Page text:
Once the will I enjoy it question is answered, then Swombat's three questions are definitely the way to go.
For example, if you got burned by building something great that no one actually used, "Can I find users?" will be pretty high up the list.
This is not a method for avoiding all mistakes - it won't save you from all your blind spots. But it gives you a better chance of leveraging your experience and getting somewhere.
I'll write another article at some point about how to generate those questions.
o customer problem or need
o symptoms that indicate customer problem or need
o description of benefits that customer will understand
o features to support benefits / solution customer will accept
Asking a friend, "What do you think of my idea?" is almost completely useless.
Asking a friend (or someone else who isn’t as biased as your friend,
"Do you have this problem, and how painful is it?" is a much more useful query.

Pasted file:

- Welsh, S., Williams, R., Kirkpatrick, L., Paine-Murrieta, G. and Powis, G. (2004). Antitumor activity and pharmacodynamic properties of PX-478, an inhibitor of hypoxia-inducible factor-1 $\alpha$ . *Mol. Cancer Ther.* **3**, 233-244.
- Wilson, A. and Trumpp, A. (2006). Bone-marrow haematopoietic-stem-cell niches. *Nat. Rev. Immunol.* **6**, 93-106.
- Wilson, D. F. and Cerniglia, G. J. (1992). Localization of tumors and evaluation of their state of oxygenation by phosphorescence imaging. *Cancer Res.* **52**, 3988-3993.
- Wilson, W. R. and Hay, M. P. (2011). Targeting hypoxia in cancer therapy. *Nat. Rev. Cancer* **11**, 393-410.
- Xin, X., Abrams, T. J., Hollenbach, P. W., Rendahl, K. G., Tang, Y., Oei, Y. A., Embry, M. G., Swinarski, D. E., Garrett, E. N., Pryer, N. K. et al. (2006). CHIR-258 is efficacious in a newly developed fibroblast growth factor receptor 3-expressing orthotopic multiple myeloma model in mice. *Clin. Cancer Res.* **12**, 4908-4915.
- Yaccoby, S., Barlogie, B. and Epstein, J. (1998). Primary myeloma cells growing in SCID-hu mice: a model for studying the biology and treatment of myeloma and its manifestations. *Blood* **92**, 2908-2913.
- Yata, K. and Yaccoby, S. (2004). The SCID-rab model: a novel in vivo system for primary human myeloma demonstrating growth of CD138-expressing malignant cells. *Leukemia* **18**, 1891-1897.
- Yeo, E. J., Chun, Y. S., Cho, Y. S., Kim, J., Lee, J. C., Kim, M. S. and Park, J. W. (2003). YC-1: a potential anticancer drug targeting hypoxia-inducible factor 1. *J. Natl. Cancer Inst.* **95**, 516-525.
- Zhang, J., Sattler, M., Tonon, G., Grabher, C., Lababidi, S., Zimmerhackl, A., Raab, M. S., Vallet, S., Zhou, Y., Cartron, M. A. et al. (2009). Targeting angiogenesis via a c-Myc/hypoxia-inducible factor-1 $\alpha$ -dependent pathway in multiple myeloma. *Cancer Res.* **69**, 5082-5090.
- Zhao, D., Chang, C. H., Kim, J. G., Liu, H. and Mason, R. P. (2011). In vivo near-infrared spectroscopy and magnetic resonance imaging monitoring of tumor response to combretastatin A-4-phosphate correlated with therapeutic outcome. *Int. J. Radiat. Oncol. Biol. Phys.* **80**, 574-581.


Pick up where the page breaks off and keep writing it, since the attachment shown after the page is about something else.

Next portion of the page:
"Please tell me all the bad things you can think about this idea."
"Please tell me all the reasons you think this idea will not gain traction and will fail"
"Please tell em why quitting my job to pursue this idea is a bad thing"
Questions that openly invite criticism are useful, since I think people think more imaginatively when they are being critical ... there are only so many ways to say nice things about something, but the insults can come from anywhere.
More than just finding fault with the idea, you will find assumptions you had implicitly made being challenged. So even if the idea is good, it might still be a bad idea to pursue it, lest you end up with a "the operation was a success, but the patient died" scenario.
If you have a cofounder, take it in turns, over two days, to defend/attack the idea. Defend your idea like Fort Knox on day one, and then attack it like it owes you money on day two.
I don't get this. If no one can use it, what are they paying for?
One common way to go about this is to create a paper prototype, pitch it to potential clients, get them to sign a non-binding letter of intent to buy the product if you develop it as per the specs, and then develop the product and sell it to those people who already told you they'd buy it.
This is as contrasted with the somewhat more common, but often less successful approach of building something useful to a bunch of users, letting them use it for free while you develop the offering, and then asking them to pay.